Nov 14, 2012

Budget Shortfall Creates Challenges

While timeliness and ALJ [Administrative Law Judge] productivity have improved, an increased number of applicants has led to an increase in the hearings backlog. By the end of September 2012, the backlog stood at about 817,000 cases, an increase of almost 30,000 cases since the start of the FY [Fiscal Year]. ...
With the loss of DDS [Disability Determination Services] employees and a high level of initial disability claims receipts anticipated in FY 2013, SSA [Social Security Administration] does not expect to achieve its initial claims pending level goal of 525,000 by FY 2014. In fact, in FY 2013, SSA expects that pending initial disability claims will rise to over 1.1 million. ...
SSA stated that the current level of funding would lead to a loss of employees. In FY 2012, it lost over 1,600 employees. Consequently, the Agency projected its national 800-number service will deteriorate significantly because it will not have a sufficient number of employees to answer calls. Busy signals rose from 3 percent in FY 2011 to 4.6 percent in FY 2012. The average speed to answer also increased from 180 seconds in FY 2011 to 294 seconds in FY 2012 [that's about five minutes]. Additionally, SSA estimates it will be unable to complete all its post-entitlement work [that is putting people on benefits after they have been approved -- computing their back benefits and authorizing payment]. The Agency believes its inability to handle this work timely could result in improper payments and delays in collecting overpayments.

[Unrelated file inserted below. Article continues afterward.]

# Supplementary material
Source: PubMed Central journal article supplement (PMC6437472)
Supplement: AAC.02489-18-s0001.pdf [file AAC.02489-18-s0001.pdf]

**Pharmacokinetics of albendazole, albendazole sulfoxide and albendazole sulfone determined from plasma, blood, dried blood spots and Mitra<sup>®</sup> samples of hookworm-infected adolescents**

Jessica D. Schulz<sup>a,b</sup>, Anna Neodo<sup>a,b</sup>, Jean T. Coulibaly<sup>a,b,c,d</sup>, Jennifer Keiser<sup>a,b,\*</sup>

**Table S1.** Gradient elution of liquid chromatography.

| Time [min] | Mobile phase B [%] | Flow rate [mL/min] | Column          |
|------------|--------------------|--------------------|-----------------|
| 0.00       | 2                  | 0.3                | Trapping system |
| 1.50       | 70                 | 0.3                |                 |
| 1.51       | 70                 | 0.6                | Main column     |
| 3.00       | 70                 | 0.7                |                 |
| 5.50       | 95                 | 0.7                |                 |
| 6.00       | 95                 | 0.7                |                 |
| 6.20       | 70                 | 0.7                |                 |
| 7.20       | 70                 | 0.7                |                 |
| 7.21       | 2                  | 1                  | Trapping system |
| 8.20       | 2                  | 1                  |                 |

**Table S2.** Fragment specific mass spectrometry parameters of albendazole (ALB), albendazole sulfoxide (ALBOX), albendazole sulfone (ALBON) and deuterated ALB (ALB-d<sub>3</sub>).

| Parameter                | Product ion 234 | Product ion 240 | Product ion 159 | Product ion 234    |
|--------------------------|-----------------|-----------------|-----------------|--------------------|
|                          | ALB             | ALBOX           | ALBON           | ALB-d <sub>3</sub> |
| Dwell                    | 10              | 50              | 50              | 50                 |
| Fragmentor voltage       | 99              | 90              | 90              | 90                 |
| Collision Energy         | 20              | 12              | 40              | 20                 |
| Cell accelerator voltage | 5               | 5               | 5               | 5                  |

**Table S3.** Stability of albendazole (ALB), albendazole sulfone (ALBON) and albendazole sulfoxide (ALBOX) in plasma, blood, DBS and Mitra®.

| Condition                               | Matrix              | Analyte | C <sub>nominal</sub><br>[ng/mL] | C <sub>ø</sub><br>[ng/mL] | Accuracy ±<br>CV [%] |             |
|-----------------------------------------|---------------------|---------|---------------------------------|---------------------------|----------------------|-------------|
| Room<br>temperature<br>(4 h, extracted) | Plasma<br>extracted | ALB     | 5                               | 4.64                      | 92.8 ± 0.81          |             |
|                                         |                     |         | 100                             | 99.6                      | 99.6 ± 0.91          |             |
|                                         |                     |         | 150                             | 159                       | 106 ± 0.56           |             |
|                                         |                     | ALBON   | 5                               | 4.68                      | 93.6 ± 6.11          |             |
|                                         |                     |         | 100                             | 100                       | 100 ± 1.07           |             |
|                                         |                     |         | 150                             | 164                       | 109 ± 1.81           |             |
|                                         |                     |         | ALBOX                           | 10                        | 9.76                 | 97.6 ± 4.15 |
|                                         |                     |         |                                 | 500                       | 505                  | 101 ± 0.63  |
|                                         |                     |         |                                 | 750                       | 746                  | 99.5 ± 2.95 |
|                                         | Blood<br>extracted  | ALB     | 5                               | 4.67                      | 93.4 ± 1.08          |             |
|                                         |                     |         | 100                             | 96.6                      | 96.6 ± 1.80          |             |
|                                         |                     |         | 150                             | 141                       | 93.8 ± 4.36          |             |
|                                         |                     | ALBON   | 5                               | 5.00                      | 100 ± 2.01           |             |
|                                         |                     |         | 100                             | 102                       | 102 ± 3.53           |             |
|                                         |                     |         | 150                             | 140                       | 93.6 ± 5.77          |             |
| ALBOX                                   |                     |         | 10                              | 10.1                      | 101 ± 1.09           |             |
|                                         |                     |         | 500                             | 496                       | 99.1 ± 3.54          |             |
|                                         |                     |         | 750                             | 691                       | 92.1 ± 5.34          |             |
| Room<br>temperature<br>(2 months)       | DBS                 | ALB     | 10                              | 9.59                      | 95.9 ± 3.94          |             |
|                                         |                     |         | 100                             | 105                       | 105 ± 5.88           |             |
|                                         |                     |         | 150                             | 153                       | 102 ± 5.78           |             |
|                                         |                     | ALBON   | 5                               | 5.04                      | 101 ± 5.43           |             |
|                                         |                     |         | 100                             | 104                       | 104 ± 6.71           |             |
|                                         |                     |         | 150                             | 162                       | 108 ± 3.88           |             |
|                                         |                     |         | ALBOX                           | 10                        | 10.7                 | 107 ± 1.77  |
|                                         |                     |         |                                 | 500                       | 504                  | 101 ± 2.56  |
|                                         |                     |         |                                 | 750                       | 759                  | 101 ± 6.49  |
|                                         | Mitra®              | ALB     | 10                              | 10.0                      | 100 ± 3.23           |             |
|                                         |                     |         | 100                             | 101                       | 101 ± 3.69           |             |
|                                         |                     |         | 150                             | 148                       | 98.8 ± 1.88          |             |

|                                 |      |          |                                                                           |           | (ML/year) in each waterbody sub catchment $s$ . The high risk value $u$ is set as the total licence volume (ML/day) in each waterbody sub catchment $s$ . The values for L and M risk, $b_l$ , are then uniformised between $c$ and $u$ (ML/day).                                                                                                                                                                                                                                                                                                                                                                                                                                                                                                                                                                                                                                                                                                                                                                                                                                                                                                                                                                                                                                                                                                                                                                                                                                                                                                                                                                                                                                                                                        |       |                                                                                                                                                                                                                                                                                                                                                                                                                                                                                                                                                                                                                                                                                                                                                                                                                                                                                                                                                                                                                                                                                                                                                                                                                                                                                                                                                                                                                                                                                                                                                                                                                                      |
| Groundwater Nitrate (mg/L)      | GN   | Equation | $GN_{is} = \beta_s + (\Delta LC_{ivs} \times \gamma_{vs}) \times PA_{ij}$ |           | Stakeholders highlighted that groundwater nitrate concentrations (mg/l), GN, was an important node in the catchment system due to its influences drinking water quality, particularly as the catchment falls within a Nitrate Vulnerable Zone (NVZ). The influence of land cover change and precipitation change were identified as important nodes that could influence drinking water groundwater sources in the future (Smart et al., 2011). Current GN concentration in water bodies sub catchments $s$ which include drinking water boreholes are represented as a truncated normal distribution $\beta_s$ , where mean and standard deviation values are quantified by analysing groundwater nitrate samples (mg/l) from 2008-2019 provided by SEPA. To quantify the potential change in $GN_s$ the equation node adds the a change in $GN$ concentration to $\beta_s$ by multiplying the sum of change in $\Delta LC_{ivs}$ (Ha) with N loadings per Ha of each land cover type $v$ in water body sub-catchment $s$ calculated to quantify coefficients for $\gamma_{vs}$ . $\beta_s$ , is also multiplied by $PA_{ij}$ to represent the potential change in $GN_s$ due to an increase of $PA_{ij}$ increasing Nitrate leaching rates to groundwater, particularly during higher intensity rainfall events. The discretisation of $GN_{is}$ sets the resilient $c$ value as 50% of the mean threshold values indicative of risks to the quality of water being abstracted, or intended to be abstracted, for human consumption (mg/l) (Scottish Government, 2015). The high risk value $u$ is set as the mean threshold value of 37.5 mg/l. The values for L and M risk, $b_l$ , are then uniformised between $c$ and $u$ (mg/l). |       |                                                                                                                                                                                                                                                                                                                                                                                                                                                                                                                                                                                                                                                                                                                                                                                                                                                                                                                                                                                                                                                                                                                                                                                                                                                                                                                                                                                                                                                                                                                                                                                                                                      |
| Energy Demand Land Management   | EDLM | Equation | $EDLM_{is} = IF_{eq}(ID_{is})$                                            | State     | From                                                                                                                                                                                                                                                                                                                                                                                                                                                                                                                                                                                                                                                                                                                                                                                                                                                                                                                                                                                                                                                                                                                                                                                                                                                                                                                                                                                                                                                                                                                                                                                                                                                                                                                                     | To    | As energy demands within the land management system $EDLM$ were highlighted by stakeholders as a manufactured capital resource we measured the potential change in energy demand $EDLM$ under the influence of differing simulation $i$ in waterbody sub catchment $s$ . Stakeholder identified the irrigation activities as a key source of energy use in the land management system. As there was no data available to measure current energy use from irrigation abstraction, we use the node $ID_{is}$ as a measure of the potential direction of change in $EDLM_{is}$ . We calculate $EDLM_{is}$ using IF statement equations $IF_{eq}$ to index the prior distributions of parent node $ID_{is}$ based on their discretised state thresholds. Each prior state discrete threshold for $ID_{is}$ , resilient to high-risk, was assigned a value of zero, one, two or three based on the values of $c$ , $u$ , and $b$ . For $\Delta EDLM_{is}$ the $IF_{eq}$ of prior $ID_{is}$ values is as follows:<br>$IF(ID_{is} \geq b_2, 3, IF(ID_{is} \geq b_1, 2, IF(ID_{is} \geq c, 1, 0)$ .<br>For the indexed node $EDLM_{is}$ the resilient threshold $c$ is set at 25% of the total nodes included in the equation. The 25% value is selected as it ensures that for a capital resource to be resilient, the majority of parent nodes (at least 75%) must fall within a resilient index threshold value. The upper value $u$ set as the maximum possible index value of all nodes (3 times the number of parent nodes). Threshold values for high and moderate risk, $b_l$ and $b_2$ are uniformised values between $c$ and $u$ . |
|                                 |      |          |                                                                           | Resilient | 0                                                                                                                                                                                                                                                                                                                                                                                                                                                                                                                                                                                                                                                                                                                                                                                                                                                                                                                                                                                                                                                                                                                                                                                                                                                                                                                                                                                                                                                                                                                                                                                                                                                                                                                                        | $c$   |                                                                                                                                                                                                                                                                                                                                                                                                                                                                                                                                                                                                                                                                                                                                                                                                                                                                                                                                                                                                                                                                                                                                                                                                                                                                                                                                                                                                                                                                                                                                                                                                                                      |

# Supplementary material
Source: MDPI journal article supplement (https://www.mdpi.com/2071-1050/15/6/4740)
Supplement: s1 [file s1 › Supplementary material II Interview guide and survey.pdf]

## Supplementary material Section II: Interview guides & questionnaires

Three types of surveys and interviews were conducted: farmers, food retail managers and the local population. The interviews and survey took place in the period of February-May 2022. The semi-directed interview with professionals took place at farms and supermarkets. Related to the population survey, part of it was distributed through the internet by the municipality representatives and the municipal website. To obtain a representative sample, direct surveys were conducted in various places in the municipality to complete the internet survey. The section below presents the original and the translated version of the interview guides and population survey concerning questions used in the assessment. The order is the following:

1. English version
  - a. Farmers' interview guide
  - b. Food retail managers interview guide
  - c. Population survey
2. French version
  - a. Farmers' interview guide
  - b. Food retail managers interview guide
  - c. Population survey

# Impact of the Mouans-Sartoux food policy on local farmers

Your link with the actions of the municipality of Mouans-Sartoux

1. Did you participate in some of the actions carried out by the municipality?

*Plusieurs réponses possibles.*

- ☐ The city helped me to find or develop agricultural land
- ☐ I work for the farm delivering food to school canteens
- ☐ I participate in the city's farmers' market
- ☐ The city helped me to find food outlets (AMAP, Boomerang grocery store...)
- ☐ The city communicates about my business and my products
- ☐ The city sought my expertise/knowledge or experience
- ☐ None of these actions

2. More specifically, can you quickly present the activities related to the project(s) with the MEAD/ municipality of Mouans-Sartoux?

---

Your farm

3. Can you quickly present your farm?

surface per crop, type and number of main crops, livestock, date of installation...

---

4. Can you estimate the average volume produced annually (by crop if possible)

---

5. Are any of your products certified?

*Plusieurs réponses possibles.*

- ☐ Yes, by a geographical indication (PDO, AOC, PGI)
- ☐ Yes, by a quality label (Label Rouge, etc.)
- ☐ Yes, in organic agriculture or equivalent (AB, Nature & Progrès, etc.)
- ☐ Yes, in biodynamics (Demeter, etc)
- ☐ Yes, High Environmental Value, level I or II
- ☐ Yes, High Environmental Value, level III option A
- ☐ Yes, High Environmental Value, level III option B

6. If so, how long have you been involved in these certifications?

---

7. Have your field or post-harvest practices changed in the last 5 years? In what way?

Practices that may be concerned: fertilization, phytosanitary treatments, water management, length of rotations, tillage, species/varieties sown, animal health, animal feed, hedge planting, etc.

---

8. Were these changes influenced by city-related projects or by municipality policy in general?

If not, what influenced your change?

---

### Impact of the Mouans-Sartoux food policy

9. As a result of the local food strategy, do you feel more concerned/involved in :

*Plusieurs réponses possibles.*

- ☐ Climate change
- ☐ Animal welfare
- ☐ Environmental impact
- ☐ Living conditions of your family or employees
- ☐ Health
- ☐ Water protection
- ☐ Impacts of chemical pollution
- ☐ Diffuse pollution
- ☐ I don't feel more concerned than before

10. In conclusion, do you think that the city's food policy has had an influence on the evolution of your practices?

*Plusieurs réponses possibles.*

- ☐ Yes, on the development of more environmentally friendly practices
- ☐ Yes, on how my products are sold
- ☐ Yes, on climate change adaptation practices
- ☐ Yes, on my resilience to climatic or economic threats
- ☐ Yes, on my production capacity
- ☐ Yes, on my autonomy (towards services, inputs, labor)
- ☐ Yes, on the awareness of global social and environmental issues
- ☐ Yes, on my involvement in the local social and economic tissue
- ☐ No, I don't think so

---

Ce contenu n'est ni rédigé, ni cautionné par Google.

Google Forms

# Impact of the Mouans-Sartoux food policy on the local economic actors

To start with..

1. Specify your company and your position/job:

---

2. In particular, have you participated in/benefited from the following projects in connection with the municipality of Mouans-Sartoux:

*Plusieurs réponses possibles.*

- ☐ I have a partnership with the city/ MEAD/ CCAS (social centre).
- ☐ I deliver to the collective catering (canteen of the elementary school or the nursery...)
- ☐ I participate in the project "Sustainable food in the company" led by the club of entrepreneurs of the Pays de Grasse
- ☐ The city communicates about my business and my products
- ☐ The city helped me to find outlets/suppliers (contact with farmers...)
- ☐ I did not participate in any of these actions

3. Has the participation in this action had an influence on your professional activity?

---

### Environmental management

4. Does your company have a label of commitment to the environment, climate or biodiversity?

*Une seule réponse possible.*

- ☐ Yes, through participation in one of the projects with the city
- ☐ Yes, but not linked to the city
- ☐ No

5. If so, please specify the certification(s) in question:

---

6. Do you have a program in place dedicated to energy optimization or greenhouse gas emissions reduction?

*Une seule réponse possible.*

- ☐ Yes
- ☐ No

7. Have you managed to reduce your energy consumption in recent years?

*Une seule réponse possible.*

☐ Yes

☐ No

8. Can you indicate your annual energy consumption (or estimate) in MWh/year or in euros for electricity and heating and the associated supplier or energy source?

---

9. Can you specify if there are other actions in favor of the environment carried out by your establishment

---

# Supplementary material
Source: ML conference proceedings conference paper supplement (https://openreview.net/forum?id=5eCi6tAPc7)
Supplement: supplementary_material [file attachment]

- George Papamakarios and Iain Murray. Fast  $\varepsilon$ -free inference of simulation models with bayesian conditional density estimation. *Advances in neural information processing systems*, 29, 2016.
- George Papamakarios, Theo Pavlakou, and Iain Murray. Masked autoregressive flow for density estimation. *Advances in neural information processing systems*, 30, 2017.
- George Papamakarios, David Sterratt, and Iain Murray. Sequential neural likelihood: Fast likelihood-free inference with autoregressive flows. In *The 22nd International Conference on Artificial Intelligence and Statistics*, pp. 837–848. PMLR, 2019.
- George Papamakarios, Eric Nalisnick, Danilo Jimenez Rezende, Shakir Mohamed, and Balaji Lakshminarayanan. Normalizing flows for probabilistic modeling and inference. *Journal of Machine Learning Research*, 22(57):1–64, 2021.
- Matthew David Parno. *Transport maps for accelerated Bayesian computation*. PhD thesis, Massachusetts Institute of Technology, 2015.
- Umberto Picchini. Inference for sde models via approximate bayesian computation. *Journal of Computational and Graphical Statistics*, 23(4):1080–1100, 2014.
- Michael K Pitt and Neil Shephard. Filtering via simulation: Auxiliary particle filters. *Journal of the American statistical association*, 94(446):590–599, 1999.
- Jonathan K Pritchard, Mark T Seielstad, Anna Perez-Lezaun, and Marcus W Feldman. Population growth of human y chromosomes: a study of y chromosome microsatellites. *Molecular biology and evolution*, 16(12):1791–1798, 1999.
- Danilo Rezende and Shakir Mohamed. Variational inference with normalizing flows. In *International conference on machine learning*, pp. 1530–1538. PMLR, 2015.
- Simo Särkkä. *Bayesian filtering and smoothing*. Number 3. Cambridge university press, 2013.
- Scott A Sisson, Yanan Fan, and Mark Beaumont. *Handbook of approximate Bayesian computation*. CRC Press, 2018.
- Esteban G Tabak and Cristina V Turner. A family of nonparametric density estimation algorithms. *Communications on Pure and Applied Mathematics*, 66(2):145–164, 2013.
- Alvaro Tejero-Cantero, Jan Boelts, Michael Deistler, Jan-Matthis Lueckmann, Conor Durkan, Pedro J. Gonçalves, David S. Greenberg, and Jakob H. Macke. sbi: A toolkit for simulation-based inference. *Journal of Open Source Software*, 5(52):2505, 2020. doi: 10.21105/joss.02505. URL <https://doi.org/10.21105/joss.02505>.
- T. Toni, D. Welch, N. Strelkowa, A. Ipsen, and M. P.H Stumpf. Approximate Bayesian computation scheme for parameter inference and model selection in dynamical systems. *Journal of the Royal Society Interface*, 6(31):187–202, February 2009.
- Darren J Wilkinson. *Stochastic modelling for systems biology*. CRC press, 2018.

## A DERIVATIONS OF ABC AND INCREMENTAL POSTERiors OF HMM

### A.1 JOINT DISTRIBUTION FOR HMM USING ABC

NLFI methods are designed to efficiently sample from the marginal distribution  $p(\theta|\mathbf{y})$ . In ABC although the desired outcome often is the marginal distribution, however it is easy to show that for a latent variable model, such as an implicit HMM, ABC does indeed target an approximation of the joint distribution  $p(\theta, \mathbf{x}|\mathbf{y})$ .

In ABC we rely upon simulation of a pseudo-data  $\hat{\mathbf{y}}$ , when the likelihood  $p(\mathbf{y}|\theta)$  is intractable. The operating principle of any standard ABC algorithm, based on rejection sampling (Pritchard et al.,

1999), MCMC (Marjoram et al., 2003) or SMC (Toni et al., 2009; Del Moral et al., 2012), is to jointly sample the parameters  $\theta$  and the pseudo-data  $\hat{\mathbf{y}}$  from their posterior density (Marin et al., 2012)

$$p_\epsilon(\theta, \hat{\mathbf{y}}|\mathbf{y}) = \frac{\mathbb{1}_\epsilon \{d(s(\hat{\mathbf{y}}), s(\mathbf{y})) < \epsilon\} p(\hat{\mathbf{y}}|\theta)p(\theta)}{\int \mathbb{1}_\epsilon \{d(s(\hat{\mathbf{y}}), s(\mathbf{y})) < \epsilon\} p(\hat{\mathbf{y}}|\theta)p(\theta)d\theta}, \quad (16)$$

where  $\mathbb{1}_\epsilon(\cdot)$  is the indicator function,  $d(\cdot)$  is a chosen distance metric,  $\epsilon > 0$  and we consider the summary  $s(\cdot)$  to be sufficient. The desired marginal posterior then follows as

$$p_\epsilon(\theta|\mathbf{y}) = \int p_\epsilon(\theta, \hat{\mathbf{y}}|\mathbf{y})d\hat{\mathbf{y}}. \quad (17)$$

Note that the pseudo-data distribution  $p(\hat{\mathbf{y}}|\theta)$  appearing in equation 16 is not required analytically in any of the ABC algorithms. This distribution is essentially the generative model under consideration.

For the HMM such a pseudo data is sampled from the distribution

This is all going to get worse if SSA's appropriation stays where it is now under the continuing resolution, which is slightly below last year's amount. SSA needs a larger appropriation merely to prevent further deterioration. If Congress wants even marginal improvement, SSA needs a significantly larger appropriation. And the result if Social Security's operating budget is cut dramatically by sequestration is almost unthinkable.

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